Doll Repair: Common Problems and How to Fix Them

by Katharine Swan - Date: 2007-03-08 - Word Count: 747 Share This!

Not all doll repairs are difficult and time-consuming endeavors. Some repairs can be made quickly and don't require extensive knowledge of doll repair. See below for a few examples of common problems and the easy repairs that will fix them.

Problem: Doll has an odor. Many dolls, particularly hard plastic dolls, have a nasty odor. The odor typically comes from the conditions of careless display or storage: for example, cigarette smoke, mothballs, or moisture.

Solution: Leave the doll in open air. Keeping the doll in a box or cabinet will cause it to retain the smell (not to mention make everything else smell, too). Leaving a smelly doll in open air for several weeks or a month will allow the odor to dissipate. If that doesn't work, try putting it in a bag with a little bowl of baking soda. The baking soda should absorb the odor -- just don't let it get on the doll or her clothes!

Problem: Doll is dirty. Surface dirt is common on vintage dolls, even those that haven't been played with. Dolls that are displayed often collect dust, especially if they are displayed on a shelf in open air. Dolls even get dirty in storage, as few attics, basements, and other storage areas are perfectly clean.

Solution: Carefully clean the doll. Whether your doll is made of china, composition, or hard plastic, it could probably benefit by a gentle cleaning. The important thing is to use a cleaner that is mild enough that it won't remove the doll's paint -- many vintage dolls have their flesh color painted on to all of the parts of their body, in addition to their painted facial features (i.e. eyelashes and eyebrows, cheek blush, and lipstick). Your best bet is to buy special doll cleaner, available from from doll supply stores and a number of sellers on eBay.

Problem: Doll's clothing is dirty. Just as dolls themselves get dirty, so do their clothes. Vintage doll clothing can't simply be thrown into a washing machine, however -- it would destroy the like-new crispiness of the fabric (known as sizing). Also, many vintage fabric dyes are unstable, and will bleed in the washing machine.

Solution: Gently soak the clothing. Doll clothing CAN be cleaned without removing the sizing or causing the colors to bleed. To soak your doll clothing, fill a large bowl (such as a mixing bowl) with cold water and a scoop of Biz (available in the laundry section of most grocery and superstores). The clothing should be soaked according to the instructions on the box, but with extra care taken, as vintage fabrics are usually not as durable their modern counterparts. Be sure to rinse the clothing thoroughly in cold water after they are done soaking.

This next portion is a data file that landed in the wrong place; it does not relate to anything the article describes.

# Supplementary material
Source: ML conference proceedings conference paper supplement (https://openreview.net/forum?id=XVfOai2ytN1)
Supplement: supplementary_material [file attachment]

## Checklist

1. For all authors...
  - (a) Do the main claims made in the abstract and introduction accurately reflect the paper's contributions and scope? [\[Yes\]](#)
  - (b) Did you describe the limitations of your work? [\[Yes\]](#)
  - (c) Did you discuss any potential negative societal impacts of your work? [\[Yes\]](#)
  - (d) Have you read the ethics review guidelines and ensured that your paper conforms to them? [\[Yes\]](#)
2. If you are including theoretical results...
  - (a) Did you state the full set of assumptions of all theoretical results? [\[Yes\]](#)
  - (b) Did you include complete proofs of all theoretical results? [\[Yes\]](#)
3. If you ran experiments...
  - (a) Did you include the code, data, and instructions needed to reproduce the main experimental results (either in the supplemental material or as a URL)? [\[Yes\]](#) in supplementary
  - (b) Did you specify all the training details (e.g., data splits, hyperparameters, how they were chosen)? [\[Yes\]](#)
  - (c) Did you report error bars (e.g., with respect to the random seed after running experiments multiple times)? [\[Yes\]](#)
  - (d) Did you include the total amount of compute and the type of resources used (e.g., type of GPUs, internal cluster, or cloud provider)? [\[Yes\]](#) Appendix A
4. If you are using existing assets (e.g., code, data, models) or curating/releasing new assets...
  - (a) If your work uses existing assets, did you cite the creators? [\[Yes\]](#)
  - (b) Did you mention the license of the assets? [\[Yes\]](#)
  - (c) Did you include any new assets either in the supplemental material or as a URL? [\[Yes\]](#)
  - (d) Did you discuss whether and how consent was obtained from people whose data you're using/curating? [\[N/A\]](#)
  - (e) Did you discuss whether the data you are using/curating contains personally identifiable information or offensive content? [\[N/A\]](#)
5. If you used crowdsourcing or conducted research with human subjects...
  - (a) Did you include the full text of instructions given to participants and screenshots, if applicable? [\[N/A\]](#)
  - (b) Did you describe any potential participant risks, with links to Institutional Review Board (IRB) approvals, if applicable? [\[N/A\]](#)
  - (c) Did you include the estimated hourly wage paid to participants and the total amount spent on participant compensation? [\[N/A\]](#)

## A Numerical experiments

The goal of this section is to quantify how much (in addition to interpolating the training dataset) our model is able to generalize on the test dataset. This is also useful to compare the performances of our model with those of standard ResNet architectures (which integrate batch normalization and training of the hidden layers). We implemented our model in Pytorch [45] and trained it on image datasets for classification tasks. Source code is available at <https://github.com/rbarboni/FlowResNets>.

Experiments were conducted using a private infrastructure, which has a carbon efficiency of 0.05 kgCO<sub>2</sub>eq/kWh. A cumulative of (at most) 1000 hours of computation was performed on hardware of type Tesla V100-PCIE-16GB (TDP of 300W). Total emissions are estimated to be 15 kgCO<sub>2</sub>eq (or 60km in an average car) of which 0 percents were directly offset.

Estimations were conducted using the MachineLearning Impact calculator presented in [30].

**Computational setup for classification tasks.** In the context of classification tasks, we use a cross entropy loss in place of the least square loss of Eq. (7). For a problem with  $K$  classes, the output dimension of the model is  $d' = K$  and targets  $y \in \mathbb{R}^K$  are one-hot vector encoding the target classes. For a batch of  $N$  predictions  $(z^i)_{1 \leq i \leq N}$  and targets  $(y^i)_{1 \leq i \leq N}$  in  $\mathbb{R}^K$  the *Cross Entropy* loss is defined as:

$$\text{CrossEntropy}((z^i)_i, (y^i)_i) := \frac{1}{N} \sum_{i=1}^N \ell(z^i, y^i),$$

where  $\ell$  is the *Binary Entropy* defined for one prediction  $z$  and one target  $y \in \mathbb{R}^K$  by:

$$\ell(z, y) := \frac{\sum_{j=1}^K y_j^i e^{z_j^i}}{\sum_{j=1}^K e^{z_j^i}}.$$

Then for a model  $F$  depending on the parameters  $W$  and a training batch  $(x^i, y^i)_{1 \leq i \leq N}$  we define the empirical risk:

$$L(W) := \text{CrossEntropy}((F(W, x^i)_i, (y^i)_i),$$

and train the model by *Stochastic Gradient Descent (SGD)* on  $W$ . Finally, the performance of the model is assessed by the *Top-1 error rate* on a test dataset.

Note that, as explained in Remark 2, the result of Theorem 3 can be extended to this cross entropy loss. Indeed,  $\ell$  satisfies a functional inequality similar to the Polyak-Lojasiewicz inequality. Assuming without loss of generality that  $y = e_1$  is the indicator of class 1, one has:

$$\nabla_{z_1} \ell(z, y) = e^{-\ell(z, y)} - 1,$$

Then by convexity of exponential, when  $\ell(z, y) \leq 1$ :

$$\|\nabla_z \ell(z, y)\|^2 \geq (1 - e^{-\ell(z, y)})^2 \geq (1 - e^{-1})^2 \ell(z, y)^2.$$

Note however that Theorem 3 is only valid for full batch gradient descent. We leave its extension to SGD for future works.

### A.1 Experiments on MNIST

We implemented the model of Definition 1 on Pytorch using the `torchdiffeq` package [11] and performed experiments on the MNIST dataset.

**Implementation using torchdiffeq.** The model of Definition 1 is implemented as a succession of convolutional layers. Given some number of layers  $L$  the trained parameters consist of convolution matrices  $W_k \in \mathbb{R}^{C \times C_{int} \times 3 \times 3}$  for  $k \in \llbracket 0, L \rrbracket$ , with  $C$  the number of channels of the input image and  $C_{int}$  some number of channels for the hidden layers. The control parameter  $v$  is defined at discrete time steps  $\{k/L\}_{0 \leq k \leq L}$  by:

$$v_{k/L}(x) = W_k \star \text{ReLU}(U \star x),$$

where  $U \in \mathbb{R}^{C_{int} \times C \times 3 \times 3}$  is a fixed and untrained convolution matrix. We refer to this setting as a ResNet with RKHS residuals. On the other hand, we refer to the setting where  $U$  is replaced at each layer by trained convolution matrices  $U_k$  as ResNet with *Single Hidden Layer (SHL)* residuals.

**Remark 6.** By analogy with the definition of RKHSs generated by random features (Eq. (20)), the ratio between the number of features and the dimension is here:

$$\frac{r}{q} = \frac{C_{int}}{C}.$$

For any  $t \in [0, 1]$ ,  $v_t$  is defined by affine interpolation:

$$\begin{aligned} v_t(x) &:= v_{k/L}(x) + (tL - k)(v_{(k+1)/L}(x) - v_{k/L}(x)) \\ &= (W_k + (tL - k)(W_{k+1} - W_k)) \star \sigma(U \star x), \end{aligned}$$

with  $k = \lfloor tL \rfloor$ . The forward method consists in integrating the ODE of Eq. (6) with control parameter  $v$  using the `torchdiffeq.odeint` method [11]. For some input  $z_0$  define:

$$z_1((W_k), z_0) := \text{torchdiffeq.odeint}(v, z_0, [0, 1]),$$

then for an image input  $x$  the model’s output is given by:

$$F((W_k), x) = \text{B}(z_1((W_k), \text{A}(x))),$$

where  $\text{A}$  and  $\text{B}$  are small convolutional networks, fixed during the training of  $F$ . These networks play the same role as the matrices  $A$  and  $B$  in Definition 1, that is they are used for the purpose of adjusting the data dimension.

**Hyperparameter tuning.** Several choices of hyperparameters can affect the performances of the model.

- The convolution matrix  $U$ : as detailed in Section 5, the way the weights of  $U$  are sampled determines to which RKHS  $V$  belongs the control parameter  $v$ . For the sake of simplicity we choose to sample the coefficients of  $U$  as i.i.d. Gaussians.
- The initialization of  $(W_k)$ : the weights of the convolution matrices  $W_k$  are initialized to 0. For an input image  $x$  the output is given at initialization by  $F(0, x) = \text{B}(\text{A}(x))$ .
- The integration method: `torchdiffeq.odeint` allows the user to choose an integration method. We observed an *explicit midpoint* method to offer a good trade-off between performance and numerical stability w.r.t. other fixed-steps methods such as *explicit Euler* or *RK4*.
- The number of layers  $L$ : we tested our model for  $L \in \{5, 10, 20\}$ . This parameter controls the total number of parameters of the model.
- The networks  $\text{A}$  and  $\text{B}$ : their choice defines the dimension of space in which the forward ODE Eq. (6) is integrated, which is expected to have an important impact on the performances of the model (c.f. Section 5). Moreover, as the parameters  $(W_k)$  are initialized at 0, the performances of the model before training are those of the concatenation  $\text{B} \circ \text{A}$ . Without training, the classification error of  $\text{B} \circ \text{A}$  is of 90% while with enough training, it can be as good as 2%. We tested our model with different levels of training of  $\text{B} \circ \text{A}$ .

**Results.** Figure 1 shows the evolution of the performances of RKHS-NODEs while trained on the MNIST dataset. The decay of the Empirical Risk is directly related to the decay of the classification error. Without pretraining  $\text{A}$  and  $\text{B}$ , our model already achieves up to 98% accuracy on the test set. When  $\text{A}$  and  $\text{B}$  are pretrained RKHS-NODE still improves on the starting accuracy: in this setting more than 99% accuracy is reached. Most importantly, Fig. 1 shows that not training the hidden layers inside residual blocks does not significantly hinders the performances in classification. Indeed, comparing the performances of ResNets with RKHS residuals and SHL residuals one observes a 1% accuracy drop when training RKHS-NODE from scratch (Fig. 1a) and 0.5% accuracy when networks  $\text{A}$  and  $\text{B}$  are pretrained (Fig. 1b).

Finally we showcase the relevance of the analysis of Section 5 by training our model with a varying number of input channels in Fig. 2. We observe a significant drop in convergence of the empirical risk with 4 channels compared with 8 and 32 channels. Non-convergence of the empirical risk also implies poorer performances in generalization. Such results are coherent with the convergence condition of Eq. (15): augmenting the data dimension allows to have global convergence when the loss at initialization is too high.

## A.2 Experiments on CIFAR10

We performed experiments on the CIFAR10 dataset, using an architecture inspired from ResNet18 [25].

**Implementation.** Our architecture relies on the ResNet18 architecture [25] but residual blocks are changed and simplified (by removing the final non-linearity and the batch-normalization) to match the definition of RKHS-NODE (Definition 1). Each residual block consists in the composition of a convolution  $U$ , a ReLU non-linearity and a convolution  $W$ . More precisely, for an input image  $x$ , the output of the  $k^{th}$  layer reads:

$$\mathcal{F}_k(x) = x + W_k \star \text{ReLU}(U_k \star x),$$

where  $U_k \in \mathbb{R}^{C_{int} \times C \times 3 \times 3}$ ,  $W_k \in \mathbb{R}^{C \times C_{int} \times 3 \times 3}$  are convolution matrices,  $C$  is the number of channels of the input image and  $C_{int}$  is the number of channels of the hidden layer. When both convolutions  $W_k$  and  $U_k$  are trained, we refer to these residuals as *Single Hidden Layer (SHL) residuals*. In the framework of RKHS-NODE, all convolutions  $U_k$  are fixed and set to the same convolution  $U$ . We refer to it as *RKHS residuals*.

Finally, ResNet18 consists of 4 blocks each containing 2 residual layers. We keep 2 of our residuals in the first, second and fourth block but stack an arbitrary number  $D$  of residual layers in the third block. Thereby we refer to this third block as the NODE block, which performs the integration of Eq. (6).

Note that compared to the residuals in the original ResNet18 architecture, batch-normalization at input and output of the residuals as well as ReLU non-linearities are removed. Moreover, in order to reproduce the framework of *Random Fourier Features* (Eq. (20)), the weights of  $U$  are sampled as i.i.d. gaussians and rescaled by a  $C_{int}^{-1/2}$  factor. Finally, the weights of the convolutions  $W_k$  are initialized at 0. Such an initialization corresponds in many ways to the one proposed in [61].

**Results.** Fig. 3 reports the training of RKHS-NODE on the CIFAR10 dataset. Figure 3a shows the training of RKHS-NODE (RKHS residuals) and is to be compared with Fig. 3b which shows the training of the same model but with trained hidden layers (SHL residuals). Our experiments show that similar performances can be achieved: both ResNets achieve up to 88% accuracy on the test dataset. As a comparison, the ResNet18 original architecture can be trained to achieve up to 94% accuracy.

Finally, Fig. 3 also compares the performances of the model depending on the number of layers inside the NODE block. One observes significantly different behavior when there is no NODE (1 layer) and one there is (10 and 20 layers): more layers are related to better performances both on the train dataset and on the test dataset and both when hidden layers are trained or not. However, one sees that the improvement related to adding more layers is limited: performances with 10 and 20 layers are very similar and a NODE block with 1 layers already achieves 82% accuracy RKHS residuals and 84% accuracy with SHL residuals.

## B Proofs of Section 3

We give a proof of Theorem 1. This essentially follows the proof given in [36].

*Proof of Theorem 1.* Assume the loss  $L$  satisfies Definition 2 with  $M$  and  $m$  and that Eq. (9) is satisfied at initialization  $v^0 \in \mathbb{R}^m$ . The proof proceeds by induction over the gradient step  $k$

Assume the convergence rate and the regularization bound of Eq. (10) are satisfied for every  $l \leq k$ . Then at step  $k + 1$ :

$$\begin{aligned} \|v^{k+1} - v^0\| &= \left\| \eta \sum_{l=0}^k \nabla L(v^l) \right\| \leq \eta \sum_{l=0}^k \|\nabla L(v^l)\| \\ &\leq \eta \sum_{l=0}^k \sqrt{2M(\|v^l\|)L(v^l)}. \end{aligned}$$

Problem: The doll's limbs don't hold a pose or are detached from the body. Strung dolls are held together inside the torso with hooks and rubber bands. Over time these rubber bands tend to stretch, harden, and crack. Many times, the problem is not identified until the rubber band breaks and the doll falls apart.

Solution: Restring the doll. Strung dolls can be restrung using round sewing elastic. The elastic is strung through the hooks, pulled taut, and tied off in a knot. It is important to get the right tightness when restringing a doll: if it is strung too loose, it won't hold a pose, but if it is strung too tight, it can cause other problems as described below.

Problem: The doll's limbs feel too tight and move stiffly in their sockets, and/or the mold seams are started to open up. The biggest problem with dolls that are strung too tight is that the mold seams in the torso separate, causing long cracks in the doll's body. Dolls that are held together by small strings instead of rubber bands, such as American Character's Sweet Sue walker doll of the 1950s, may have the same problem.

Solution: Restring the doll. As noted above, while stringing a doll it is important to maintain the correct amount of tautness in the elastic, so that the limbs can hold a pose without exerting too much pressure on the socket. In dolls that are held together with springs, the springs can be removed and elastic can be used to string the doll instead.

As you can see, not all doll repairs need be difficult. With a little bit of knowledge, a determined doll collector can easily make minor repairs to her own dolls, improving their value and displayability while saving money on doll hospital expenses.

Related Tags: restore, do-it-yourself, fix, doll, doll repair, doll collecting, vintage doll, old doll

Katharine Swan is a longtime doll collector and enthusiast. Also a freelance writer, she has written many articles on collecting and repairing vintage dolls.

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